The Incurred But Not Reported (IBNR) claims reserves are typically an important item on an insurer’s balance sheet. Although actuaries have come a long way from pen-and-paper calculations, IBNR reserving calculations today are largely still performed using Excel spreadsheets.
Given the rise of data science tools such as Python, R, and SQL, extensive libraries such as pandas and dplyr, and a growing emphasis on reproducible data science, there is a case for applying them more broadly to actuarial work. Here, we consider them for IBNR reserving applications. The main advantages of moving to this ‘next-generation’ approach compared to Excel are:
- Better repeatability: An automated process is easier to repeat periodically, compared to the manual data transformations in Excel at different experience investigation dates (e.g. for ingesting the most up-to-date claims data, manually inserting rows/columns and dragging down formulas).
- Better scalability: Data science tools can efficiently connect different datasets and scale to datasets of millions of rows, even on a laptop. Excel has row and column count limits, and even before this limit is reached, navigating through large Excel workbooks can be slow and difficult, especially for insurers with a sizable claims portfolio.
- Better auditability: Calculations are set out transparently in code and managed within version control systems, creating an audit trail for any changes in logic or assumptions as opposed to hardcoded cells and convoluted links.
The purpose of this article is to explore an automated approach to convert a transactional claims dataset into an IBNR triangle and calibrate Claims Development Factors (CDF) as well as the IBNR under the traditional Chain Ladder method using SQL and Python. Applying a standard chain ladder introduces the potential of code-based solutions – and opens up a wide array of improvements and extensions.
This article is an initiative of the Young Data Analytics Working Group’s Actuaries Analytical Cookbook. The code for the use case discussed in this article (‘the code’) as well as the outputs of the code is fully open-sourced and can be found here.
A synthetic claims dataset was used for this article, using the relatively new SynthETIC R package. This mirrors typical claims data in a tabular format, illustrated below. In particular, the dataset records occurrence date and payment date at a claim level, and caps the claims development period at 40.
The code emulates having a SQL database by using the duckdb package in Python to ingest the synthetic claims dataset. In practice, practitioners would often already have the claims data hosted on a company SQL server, so can disregard this step and run the SQL queries directly on their server. The code may require minor modification to the extent their SQL dialect used differs from duckdb’s implementation.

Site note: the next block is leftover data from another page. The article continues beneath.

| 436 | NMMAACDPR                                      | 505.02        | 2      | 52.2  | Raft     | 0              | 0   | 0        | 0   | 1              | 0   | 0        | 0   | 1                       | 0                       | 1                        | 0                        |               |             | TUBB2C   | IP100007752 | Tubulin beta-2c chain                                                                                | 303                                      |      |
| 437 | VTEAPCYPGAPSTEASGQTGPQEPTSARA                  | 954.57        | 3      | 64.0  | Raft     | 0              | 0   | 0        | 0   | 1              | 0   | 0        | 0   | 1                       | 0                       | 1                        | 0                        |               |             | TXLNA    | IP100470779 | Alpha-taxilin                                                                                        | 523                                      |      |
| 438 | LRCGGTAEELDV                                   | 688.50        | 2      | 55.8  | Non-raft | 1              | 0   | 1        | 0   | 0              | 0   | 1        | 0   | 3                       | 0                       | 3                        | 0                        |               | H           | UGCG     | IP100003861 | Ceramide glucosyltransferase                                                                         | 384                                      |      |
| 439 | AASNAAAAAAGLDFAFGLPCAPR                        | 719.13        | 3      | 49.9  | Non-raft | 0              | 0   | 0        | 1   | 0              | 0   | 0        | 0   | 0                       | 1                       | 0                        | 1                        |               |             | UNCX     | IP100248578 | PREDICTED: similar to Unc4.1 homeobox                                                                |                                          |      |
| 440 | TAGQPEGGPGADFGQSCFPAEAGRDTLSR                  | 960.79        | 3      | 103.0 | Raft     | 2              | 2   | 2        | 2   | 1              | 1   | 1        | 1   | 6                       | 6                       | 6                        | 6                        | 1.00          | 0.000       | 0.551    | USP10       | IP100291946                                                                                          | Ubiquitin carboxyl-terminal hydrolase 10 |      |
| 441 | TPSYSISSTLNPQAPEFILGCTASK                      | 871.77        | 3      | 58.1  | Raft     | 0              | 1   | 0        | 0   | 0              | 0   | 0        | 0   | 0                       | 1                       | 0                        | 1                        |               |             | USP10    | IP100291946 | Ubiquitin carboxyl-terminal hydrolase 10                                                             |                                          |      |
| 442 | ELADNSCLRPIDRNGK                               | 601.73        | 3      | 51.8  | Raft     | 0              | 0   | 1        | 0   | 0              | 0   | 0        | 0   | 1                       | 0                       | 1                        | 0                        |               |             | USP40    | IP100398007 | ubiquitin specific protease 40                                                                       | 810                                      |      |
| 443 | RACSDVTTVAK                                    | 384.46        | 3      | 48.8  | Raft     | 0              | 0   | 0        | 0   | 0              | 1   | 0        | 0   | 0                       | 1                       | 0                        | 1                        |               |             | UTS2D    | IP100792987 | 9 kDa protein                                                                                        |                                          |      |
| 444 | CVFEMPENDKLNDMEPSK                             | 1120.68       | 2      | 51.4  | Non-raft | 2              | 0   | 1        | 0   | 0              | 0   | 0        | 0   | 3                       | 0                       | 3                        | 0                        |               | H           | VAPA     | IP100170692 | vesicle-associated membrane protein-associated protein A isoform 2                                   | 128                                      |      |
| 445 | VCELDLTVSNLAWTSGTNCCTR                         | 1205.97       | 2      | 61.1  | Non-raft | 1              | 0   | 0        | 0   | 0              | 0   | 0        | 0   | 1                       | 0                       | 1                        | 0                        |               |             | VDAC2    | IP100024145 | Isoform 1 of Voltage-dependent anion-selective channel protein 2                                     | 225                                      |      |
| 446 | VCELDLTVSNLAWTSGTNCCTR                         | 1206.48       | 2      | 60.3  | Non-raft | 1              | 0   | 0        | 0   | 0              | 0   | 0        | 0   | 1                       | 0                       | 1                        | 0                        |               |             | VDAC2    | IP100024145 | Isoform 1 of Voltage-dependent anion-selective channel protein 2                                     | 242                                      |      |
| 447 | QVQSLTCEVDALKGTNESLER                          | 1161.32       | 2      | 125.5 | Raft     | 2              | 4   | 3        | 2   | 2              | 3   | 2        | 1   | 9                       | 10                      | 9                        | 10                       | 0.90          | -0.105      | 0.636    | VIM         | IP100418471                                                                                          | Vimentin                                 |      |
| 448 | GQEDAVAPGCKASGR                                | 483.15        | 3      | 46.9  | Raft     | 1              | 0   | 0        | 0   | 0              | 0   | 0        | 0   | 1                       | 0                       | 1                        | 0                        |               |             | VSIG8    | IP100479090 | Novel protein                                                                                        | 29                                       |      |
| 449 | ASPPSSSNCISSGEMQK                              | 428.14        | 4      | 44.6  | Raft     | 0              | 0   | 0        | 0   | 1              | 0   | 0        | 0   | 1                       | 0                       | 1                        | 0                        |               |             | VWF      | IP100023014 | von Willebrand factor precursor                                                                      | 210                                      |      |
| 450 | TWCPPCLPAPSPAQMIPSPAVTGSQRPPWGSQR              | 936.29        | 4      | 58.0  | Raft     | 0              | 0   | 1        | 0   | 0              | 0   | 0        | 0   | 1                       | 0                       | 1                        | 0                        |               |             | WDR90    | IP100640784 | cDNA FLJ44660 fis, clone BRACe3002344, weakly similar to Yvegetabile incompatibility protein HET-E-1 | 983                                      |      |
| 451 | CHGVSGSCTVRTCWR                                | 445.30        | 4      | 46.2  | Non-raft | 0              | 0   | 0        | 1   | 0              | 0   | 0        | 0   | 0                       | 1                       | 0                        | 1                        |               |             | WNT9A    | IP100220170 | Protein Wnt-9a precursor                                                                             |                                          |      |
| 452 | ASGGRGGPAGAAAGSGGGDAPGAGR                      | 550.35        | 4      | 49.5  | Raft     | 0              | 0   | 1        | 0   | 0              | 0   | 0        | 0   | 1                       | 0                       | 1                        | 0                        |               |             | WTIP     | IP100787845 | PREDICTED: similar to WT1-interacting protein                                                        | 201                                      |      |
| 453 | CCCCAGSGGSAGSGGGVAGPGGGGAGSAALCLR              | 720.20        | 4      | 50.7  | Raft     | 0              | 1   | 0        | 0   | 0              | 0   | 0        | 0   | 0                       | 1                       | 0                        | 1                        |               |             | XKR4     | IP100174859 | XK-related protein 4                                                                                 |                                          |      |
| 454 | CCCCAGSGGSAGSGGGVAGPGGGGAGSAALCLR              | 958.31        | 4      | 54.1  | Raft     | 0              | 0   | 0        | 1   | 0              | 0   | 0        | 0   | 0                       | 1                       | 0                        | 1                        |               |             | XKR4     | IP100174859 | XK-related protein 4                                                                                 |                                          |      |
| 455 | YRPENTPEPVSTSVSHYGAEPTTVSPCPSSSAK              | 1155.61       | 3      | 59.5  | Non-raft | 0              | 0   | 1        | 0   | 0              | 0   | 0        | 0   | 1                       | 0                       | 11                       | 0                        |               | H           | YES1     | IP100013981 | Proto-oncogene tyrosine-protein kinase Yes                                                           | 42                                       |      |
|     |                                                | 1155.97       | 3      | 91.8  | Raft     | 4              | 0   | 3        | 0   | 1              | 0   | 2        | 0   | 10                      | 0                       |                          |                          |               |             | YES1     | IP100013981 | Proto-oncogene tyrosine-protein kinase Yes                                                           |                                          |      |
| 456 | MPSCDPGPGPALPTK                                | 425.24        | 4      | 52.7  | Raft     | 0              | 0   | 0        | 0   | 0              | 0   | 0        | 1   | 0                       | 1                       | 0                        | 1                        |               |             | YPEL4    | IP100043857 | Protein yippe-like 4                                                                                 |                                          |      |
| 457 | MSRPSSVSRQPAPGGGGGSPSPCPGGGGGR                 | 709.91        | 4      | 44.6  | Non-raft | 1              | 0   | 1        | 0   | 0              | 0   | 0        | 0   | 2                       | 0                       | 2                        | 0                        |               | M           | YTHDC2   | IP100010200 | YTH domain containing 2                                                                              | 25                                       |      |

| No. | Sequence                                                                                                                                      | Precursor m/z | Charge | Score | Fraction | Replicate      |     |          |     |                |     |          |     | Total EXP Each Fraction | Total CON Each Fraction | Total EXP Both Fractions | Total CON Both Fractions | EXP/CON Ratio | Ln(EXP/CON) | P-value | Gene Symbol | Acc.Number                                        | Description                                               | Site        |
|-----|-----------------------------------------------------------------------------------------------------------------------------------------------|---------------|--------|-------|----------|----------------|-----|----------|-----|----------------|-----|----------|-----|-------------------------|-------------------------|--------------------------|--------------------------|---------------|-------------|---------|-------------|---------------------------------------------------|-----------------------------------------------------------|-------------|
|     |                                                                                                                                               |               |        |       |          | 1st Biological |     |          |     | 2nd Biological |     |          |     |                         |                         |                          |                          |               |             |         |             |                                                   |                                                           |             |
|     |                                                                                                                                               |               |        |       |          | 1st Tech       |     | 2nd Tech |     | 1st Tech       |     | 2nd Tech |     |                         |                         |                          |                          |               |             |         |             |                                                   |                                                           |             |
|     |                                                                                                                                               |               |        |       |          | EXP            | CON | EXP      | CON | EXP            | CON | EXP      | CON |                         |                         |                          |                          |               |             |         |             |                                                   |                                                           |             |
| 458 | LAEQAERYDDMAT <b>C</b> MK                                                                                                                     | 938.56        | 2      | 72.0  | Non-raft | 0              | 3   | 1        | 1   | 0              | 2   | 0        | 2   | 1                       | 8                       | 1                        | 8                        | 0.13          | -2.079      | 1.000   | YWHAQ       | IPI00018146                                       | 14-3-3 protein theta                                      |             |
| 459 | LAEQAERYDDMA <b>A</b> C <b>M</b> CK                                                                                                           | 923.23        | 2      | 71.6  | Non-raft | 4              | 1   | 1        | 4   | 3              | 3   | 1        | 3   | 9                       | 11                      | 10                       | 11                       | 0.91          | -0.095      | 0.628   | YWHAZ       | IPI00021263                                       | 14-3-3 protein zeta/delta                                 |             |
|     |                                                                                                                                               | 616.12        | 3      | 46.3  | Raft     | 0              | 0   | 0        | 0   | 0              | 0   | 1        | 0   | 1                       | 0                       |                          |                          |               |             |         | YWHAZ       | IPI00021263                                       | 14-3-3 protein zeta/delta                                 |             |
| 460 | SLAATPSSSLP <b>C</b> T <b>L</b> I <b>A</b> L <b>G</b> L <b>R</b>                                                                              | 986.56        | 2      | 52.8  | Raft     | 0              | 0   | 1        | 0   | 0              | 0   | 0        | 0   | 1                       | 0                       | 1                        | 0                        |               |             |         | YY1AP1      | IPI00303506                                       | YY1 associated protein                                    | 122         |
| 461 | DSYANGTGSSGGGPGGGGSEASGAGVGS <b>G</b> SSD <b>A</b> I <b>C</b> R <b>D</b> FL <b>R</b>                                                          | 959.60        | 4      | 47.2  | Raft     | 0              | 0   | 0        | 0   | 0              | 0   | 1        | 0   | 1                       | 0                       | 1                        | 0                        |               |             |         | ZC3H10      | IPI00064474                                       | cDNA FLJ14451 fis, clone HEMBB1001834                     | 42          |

IBNR Triangle with SQL and Python
The example code allows for some practical issues that can arise with claims data. For example, it recognises there may not be claim records for some occurrence periods or development periods. This can be problematic if downstream processes underlying the IBNR reserving rely on the dataset having every possible occurrence and development period combination (for example, with no claims reported in the latest occurrence period due to reporting delays, the IBNR triangle generated may be incomplete).
This is easily resolved in the code with a join in SQL to another ‘dummy’ claims dataset generated with the full range of occurrence and development period combination.
Overall, the code generates the 40 by 40 IBNR triangle with ease. A snapshot of the (cumulative) IBNR triangle is provided below.
In addition, it is simple to plot the claims development by occurrence period with the pandas package in Python as shown below. This can be refined in various ways to spot trends in claims payment (e.g. claims inflation).
Whilst the IBNR triangle in the ‘wide’ view has been generated, it may be useful to take this further and calculate the ultimate IBNR by occurrence period, claims paid/reported ratio by occurrence period, etc.
In the example, we implement a simple average-all chain ladder. The CDF is calculated with several data transformation steps using (again) the pandas package in Python. These steps include calculating cumulative claims payments, extracting the diagonal claims from the IBNR triangle as well as summing claims payment by development periods.
A snapshot of the output of the CDF calibrated by occurrence period is provided below, from which the IBNR can be calculated as claims paid x CDF – claims paid, and the claims paid/reported ratio can be calculated as 1/CDF, for a particular occurrence period.
Other triangle methods such as the Bornhuetter-Ferguson (BF) method can be re-implemented from scratch in pandas in a similar way to how actuaries often re-implement these same triangle methods in Excel.
An alternative path is to use dedicated packages such as chainladder, which is free, open source and hosted by CAS, can also be used to produce the valuation.
Having claims data in Python and R also allows the possibility to apply machine learning-based techniques to insurance valuation. The Machine Learning in Reserving Working Party under the IFoA has published a number of resources on this topic, usually including ready-to-run code scripts, similar to YDAWG’s Actuaries’ Analytical Cookbook.
For example, one of its publications (co-authored by one of this article’s co-authors Jacky) tests different machine learning models on a triangle. Along the way, it also explains the classic result of how fitting the lower half of the IBNR triangle with a GLM leads to the same IBNR calculated under the traditional Chain Ladder method.
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